What is unique about your pilot research study?

Pediatric Neuromyelitis Optica (NMO) is a chronic inflammatory disease of the central nervous system that preferentially targets the optic nerves and spinal cord. By analyzing NMO patient outcomes data over a 13-year period, my retrospective cohort pilot study, “Treatment and Outcomes in Neuromyelitis Optica,” will attend to the current lack of standardized care in the therapeutic management of pediatric NMO.

How do you anticipate your study results will lead to future research?

The results of this study will provide an increased understanding of disease outcomes in pediatric and adult NMO, and its findings will be clinically useful for both rheumatologists and neurologists. Further, if successful, the study’s findings will facilitate future comparative effectiveness trials of treatment with biologics, and it will ultimately make possible the establishment of the first standardized therapeutic protocol for pediatric NMO.

What was your reaction to receiving the CPCE award?

Upon receiving word that I had been awarded funding through the CPCE pilot grant, I felt immediately honored and overjoyed. The Center for Pediatric Clinical Effectiveness allows fellow physicians such as myself to jumpstart our research interests and put ideas into action by providing us both valuable mentorship and important financial support. I am excited and eager to start my research and help improve patient outcomes in autoimmune diseases.

Laura Figueroa-Phillips, MD

Tell us a little bit about your background:

I am a first-year Pediatric Hospital Epidemiology and Outcomes Training fellow at CHOP. I received my MD from the University of Maryland School of Medicine and completed my residency in pediatrics at CHOP. My research and clinical interests revolve around improving patient-centered outcomes for children and their families in an inpatient setting, as well as the epidemiology, diagnosis, and treatment of healthcare related infections.

What is unique about your pilot research study?

Long-term, outpatient central venous access is necessary for the treatment of many pediatric conditions, but can result in serious complications, including central line-associated bloodstream infections (CLABSIs). My nested case-control pilot study, “Development of a Clinical Prediction Model for Pediatric Outpatients at Risk for Central Line-Associated Bloodstream Infections” aims to identify risk factors and derive a preliminary clinical prediction model for CLABSI among ambulatory pediatric patients with central venous lines presenting with bacteremia-associated symptoms. This study will be the first to determine the overall rate of CLABSI among the ambulatory pediatric population with central venous lines, to evaluate the entire population of patients at risk for CLABSI, and to derive a clinical prediction model for CLABSI.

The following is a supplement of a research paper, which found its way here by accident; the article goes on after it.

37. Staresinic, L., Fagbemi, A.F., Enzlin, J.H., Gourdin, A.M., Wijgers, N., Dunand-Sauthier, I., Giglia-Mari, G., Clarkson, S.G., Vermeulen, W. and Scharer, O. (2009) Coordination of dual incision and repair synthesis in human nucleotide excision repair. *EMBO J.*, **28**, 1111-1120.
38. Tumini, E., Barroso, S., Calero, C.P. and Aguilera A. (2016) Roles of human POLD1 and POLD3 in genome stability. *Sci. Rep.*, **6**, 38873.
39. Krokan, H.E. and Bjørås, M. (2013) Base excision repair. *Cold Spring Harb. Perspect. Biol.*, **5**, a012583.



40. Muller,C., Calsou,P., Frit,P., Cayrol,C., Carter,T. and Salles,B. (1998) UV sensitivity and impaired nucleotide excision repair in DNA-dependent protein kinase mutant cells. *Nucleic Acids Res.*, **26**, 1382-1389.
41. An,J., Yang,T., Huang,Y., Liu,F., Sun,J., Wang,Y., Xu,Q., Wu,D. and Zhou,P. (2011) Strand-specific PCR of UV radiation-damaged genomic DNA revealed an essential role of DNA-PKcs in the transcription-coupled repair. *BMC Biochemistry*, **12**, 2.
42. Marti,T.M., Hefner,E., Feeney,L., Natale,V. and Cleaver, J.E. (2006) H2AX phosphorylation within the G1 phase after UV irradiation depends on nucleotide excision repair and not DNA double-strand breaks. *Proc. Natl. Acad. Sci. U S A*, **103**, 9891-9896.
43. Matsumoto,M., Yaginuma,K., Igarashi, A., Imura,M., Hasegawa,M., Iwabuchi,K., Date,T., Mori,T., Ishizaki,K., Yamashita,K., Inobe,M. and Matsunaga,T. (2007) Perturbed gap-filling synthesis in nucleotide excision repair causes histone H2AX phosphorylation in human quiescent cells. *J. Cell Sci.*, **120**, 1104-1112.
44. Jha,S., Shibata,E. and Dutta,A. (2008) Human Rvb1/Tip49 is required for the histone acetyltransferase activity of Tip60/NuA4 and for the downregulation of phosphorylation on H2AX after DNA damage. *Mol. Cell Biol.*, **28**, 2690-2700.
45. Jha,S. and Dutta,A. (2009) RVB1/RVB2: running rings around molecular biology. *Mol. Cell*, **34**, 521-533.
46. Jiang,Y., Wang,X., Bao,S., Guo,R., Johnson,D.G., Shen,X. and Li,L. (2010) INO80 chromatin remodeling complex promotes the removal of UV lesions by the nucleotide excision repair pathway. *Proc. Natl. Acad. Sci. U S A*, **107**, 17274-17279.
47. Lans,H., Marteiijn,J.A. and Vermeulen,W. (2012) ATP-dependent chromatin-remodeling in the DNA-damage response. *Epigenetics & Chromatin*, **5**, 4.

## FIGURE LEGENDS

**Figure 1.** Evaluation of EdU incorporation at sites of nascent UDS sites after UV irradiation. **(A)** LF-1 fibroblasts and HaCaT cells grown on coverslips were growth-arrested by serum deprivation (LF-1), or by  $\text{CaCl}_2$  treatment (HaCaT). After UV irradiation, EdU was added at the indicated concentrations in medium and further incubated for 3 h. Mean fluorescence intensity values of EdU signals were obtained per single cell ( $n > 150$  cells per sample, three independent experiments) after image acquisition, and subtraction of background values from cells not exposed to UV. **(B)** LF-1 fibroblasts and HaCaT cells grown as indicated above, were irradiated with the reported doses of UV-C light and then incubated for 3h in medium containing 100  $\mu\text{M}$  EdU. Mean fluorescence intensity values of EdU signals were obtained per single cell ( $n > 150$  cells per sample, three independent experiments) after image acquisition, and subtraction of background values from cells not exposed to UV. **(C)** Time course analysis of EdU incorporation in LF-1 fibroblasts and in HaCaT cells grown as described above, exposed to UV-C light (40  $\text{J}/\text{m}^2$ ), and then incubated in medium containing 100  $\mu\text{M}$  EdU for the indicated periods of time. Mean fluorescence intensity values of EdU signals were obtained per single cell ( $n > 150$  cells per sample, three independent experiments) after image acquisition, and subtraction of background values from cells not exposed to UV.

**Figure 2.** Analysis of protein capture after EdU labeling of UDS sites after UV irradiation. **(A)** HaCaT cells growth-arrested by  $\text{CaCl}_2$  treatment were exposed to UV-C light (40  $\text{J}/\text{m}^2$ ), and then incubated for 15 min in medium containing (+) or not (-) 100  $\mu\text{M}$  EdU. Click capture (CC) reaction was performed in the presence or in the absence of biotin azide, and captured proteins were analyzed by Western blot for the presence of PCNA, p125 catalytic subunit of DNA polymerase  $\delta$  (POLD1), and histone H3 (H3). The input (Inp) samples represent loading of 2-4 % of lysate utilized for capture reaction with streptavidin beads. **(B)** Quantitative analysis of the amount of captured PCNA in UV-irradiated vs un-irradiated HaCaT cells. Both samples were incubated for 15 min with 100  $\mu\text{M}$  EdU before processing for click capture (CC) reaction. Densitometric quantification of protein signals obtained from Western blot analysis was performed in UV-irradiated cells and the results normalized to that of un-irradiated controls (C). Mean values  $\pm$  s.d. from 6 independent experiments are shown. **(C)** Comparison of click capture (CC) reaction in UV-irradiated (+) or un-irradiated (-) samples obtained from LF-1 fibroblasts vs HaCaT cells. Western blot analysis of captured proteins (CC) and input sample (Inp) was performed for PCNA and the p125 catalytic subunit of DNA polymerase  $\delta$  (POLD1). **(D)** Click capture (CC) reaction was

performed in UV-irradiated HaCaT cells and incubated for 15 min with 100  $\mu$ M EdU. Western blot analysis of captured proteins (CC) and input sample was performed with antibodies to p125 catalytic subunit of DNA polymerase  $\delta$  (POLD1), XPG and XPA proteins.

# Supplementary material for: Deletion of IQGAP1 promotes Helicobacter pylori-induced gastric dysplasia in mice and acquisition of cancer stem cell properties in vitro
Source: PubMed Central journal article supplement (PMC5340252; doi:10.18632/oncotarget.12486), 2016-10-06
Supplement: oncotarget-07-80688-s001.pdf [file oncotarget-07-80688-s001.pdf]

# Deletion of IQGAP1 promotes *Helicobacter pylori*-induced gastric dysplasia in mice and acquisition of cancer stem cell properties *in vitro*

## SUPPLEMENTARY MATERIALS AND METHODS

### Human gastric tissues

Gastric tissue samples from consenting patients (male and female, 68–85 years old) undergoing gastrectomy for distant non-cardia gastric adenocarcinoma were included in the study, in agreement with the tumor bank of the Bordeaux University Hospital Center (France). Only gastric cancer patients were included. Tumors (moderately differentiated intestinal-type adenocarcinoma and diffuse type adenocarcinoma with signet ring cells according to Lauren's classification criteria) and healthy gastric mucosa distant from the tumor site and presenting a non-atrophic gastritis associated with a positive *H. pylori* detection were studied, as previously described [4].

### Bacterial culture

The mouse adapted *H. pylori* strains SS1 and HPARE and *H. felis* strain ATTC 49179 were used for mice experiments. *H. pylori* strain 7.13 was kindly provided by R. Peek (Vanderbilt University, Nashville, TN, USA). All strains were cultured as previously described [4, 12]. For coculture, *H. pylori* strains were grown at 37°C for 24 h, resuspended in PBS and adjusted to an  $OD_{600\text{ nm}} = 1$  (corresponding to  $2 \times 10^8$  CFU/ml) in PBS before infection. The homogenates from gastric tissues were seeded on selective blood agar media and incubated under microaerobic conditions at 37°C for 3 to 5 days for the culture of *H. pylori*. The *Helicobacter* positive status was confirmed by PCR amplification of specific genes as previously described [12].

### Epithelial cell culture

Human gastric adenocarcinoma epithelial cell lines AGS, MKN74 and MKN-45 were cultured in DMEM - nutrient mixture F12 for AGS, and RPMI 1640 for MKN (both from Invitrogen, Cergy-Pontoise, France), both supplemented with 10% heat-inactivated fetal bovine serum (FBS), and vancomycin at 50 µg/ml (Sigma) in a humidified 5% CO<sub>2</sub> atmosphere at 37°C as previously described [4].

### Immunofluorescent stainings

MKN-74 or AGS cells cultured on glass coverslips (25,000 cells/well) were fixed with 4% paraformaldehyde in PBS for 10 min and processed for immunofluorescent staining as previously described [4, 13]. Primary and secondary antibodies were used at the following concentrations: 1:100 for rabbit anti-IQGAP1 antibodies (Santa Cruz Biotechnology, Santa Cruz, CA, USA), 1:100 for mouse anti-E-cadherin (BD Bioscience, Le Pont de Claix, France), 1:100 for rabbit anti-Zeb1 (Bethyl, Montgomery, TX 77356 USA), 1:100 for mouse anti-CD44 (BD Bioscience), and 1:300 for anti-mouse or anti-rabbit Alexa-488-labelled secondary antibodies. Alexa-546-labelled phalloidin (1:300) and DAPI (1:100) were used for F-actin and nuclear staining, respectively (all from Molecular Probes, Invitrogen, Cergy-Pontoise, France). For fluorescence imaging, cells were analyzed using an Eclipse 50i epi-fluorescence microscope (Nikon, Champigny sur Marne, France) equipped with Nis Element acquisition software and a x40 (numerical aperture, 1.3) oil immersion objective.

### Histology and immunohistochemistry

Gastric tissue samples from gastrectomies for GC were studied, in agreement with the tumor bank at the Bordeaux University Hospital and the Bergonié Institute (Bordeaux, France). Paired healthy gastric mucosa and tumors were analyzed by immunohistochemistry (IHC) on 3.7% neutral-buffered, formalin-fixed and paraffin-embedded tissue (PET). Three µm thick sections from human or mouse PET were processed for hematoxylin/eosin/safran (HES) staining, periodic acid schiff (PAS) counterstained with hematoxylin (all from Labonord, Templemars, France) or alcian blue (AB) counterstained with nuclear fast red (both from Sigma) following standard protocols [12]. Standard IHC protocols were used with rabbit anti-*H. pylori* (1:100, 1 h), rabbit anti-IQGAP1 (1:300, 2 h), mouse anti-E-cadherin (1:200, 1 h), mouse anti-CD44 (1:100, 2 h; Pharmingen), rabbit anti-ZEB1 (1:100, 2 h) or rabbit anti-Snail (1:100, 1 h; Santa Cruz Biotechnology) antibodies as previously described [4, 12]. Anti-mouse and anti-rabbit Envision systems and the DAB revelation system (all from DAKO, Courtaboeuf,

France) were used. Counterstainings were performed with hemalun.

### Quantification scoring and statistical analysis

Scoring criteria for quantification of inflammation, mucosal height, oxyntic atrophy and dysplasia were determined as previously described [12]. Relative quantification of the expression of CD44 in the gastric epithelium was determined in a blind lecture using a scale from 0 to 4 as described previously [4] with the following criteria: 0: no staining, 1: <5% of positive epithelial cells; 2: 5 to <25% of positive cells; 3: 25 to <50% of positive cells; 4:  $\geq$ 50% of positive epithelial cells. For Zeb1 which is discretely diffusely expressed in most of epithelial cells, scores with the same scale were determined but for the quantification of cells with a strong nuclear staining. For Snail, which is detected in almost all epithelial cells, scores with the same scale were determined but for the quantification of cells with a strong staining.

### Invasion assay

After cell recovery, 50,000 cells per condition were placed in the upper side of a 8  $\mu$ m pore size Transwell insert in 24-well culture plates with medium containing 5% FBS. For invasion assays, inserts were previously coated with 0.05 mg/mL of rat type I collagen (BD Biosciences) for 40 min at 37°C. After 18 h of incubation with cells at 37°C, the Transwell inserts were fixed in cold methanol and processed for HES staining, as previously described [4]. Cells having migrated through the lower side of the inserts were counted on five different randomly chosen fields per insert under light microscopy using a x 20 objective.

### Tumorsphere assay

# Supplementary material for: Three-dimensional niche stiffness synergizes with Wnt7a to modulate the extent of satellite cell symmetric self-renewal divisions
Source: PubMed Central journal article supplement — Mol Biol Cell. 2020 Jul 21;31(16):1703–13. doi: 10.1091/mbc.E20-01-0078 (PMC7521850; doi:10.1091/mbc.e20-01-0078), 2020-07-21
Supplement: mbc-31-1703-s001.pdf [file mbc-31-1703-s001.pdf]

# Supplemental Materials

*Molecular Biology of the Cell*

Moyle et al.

How do you anticipate your study results will lead to future research?

The results of this study will serve as a first step in the development of a clinical prediction tool to guide clinical decision-making when patients present to the Emergency Room, and it could ultimately decrease unnecessary hospital admissions, lower the number of adverse effects associated with exposure to broad spectrum antibiotics, improve patient and family quality of life, and decrease healthcare spending.

What was your reaction to receiving the CPCE award?

I was thrilled and honored to be chosen as a CPCE Pilot Grant awardee. The grant will give me a great launching pad to successfully complete my project and will help me set the groundwork to receive funding for related projects in the future.